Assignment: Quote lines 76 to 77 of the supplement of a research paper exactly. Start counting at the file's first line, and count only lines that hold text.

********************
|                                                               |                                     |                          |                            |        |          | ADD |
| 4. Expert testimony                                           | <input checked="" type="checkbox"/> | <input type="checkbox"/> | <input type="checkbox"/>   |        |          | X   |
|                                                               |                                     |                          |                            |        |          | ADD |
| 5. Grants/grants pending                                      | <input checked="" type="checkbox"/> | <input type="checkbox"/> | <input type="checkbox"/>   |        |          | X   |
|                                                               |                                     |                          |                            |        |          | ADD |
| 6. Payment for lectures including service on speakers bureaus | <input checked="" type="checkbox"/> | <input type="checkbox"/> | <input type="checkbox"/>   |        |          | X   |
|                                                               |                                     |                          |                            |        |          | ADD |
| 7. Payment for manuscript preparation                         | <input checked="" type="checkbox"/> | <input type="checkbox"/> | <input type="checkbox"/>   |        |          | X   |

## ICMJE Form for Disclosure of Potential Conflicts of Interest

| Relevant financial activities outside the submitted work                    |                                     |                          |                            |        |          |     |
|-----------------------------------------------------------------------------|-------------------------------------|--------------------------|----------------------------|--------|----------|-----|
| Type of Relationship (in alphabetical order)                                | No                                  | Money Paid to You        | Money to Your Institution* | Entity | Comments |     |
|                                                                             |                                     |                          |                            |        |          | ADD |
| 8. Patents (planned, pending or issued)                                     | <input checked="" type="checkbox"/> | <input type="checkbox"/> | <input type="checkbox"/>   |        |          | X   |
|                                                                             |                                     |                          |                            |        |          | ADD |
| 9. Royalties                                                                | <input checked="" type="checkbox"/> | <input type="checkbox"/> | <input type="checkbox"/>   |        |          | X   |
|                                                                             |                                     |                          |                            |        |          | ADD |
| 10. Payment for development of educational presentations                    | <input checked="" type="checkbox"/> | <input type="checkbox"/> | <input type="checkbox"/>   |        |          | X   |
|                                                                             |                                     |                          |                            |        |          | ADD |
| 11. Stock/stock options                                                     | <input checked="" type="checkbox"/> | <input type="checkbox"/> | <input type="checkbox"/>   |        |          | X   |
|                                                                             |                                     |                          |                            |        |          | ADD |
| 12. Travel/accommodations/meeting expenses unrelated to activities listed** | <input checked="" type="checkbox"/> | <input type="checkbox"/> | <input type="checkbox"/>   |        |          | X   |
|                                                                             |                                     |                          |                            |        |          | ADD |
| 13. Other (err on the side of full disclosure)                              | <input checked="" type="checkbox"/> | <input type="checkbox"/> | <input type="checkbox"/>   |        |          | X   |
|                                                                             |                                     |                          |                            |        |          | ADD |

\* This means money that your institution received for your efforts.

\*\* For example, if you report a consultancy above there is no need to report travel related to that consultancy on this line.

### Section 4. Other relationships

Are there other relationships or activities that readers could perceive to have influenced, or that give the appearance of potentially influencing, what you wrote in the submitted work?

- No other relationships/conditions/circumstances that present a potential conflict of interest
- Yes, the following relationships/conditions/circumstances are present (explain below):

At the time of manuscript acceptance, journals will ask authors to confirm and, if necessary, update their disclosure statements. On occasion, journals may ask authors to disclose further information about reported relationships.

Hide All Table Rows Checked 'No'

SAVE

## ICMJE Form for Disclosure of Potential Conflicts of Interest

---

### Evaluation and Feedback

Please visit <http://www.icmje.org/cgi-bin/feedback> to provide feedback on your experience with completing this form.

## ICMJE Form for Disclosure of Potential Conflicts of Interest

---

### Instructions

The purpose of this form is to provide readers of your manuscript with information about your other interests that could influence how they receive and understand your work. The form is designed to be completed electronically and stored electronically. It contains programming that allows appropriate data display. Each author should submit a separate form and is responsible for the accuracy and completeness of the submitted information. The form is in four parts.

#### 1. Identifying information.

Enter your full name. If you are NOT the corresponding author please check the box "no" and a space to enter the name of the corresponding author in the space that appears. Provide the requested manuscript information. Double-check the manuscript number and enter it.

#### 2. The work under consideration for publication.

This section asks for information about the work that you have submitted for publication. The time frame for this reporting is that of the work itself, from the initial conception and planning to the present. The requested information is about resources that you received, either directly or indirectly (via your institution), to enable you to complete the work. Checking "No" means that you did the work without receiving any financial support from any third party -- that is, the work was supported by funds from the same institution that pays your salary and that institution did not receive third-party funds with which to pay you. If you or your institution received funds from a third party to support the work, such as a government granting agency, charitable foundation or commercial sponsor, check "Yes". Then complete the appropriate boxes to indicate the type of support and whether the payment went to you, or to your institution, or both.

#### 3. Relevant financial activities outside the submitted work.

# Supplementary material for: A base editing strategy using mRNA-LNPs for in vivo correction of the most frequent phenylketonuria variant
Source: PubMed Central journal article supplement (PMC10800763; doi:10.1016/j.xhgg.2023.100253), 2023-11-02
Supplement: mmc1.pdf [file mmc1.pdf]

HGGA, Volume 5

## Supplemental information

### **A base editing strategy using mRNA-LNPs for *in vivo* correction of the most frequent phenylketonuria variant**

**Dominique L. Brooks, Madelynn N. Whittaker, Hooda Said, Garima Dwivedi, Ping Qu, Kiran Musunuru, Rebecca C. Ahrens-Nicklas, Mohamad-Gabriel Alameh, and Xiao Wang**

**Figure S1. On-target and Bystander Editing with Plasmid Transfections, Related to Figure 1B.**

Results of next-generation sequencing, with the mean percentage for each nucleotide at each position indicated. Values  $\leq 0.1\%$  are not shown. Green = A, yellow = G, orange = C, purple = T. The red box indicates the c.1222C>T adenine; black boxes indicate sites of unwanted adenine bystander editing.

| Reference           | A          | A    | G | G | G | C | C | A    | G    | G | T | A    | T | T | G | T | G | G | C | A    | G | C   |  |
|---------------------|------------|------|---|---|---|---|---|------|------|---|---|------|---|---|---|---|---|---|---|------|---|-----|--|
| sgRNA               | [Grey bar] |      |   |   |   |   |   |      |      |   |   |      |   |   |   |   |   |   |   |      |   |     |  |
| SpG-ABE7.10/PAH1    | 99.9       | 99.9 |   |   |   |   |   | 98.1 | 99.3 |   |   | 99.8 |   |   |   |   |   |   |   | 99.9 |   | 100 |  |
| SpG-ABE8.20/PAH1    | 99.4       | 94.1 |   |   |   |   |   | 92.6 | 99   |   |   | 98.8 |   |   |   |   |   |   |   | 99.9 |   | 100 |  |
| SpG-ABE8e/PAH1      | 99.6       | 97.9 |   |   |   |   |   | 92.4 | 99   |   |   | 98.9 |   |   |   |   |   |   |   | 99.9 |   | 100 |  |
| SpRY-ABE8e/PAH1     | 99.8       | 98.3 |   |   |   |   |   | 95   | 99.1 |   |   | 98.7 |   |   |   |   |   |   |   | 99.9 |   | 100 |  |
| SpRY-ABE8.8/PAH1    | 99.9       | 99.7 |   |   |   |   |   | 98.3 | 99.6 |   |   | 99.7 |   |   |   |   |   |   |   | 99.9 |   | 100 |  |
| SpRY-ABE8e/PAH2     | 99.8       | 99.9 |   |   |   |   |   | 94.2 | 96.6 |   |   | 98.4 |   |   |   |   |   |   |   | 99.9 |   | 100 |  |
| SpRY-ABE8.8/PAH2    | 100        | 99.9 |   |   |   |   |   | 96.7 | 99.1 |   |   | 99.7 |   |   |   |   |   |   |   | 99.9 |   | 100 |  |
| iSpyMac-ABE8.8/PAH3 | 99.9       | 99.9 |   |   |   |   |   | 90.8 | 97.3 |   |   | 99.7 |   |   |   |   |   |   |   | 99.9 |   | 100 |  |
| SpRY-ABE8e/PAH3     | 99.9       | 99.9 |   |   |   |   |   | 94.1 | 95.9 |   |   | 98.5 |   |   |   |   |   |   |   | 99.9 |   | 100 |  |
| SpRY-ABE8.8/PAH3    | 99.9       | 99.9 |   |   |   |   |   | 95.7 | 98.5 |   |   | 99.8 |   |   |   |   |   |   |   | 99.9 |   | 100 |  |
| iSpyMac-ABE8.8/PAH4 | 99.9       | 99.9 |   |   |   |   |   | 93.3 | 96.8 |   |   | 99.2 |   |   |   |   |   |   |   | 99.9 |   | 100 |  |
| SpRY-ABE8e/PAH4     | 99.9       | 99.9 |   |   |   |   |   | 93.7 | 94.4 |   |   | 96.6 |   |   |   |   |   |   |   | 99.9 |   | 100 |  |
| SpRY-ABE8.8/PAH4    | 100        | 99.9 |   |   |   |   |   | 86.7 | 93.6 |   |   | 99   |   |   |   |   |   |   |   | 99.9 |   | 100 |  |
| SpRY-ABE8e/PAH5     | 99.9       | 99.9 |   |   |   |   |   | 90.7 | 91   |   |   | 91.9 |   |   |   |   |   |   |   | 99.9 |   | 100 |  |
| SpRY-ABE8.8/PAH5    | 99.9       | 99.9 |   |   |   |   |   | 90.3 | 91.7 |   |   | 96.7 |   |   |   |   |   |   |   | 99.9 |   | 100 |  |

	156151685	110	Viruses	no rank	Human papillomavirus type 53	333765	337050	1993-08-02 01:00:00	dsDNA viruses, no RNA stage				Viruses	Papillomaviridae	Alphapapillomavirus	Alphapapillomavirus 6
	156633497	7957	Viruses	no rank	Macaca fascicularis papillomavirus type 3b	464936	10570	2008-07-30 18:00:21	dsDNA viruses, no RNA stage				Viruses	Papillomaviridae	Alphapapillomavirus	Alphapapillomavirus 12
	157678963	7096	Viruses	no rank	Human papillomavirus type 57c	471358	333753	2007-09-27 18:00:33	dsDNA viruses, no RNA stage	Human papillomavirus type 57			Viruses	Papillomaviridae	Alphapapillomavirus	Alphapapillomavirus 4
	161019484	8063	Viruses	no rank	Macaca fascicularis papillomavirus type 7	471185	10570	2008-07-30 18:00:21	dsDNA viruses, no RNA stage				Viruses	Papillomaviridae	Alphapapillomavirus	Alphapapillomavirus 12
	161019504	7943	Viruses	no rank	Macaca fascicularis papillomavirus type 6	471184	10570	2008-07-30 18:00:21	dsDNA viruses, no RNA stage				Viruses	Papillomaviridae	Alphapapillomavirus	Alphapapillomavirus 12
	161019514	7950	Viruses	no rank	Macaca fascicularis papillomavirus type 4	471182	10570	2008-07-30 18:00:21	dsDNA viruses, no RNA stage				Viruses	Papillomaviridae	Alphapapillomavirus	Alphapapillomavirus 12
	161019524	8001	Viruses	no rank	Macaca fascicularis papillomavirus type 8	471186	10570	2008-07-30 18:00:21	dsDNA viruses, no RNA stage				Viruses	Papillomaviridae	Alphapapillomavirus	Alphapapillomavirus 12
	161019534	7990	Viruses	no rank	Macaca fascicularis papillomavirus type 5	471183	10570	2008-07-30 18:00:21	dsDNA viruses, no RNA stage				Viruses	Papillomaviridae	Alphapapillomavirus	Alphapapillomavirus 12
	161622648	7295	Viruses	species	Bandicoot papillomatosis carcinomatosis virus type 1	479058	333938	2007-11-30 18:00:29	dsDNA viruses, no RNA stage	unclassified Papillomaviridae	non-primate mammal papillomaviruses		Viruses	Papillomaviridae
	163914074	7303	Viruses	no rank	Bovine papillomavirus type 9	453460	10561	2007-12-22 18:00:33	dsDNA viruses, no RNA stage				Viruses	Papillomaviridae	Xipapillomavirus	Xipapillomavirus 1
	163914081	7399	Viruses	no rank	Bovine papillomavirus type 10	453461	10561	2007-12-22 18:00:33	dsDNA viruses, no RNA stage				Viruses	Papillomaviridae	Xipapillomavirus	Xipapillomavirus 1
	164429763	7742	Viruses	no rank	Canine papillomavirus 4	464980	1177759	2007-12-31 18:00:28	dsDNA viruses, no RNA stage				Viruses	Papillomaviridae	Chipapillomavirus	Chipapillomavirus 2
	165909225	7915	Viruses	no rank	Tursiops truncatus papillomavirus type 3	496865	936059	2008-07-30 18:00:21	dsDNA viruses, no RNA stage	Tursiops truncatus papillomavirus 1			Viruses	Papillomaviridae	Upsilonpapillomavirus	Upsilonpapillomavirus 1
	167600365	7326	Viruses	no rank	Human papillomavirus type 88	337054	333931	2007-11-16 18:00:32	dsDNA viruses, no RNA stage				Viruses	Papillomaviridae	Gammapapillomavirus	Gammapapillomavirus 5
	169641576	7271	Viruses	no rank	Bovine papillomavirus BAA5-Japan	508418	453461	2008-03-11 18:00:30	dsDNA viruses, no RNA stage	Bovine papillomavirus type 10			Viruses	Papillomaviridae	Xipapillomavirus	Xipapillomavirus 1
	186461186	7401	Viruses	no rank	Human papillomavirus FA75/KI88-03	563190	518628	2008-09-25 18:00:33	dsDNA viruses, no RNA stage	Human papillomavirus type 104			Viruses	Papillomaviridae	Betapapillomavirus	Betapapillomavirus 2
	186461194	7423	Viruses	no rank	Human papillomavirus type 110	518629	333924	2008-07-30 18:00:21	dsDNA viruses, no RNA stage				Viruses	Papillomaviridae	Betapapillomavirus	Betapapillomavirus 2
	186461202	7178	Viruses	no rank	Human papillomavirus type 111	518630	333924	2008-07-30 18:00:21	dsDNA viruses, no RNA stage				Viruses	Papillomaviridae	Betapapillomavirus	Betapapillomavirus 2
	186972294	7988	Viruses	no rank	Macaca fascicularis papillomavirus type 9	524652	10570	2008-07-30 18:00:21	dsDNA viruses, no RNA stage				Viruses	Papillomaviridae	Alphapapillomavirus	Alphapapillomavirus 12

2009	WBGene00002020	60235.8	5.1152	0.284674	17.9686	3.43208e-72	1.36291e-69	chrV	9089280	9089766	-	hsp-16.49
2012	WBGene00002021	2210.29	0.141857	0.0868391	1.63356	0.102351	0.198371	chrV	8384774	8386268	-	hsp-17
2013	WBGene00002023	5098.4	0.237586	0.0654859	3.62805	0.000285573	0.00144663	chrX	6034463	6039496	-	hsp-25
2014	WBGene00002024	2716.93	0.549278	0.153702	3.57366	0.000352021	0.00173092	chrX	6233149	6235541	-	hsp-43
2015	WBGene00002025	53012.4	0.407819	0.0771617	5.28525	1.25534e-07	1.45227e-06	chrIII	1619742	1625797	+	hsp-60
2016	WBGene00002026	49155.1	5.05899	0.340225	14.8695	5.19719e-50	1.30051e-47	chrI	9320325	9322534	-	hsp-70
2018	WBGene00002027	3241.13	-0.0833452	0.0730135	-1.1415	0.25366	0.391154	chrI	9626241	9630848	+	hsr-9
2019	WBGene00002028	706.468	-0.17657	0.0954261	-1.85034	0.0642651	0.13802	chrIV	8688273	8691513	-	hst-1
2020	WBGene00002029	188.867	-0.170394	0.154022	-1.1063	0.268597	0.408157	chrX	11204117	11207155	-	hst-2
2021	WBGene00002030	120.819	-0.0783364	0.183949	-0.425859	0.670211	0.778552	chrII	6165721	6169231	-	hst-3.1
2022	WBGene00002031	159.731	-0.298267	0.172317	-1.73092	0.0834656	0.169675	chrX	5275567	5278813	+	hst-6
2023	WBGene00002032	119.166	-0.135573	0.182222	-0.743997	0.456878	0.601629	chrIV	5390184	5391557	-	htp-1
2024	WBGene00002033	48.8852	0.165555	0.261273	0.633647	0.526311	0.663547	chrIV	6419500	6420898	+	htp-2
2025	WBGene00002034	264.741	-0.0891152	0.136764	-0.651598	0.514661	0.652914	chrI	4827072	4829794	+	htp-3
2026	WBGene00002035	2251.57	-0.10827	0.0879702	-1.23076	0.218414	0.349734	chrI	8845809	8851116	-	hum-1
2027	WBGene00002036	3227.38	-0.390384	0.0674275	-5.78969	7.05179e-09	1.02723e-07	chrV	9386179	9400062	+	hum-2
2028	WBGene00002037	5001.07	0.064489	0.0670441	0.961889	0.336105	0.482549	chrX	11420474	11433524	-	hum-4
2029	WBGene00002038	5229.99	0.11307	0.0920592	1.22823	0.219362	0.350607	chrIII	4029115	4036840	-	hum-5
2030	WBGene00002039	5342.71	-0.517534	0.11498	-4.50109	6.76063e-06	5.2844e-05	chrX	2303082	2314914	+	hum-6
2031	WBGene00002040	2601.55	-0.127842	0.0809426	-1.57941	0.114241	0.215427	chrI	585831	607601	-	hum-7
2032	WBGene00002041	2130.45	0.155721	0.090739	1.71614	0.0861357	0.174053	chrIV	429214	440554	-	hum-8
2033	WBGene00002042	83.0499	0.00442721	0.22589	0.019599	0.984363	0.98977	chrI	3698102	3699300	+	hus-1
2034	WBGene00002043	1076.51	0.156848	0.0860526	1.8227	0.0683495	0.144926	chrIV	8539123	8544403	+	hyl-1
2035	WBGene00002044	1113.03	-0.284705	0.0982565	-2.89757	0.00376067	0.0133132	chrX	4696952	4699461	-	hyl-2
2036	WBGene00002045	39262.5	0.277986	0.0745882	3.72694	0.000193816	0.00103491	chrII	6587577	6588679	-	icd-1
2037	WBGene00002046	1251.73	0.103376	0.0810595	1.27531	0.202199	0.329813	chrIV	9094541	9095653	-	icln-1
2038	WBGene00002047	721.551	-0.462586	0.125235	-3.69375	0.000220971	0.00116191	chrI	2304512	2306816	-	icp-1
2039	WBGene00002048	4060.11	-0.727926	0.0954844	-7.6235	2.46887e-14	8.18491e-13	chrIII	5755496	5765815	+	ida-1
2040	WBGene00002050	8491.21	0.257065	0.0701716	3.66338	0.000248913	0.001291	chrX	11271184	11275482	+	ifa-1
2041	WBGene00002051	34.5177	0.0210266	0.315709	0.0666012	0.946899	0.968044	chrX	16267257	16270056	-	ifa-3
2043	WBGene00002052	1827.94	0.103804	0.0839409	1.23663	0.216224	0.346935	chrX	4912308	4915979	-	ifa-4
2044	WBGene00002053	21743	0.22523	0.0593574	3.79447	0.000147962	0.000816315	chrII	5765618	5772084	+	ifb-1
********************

	156633497	7957	Viruses	no rank	Macaca fascicularis papillomavirus type 3b	464936	10570	2008-07-30 18:00:21	dsDNA viruses, no RNA stage				Viruses	Papillomaviridae	Alphapapillomavirus	Alphapapillomavirus 12
	157678963	7096	Viruses	no rank	Human papillomavirus type 57c	471358	333753	2007-09-27 18:00:33	dsDNA viruses, no RNA stage	Human papillomavirus type 57			Viruses	Papillomaviridae	Alphapapillomavirus	Alphapapillomavirus 4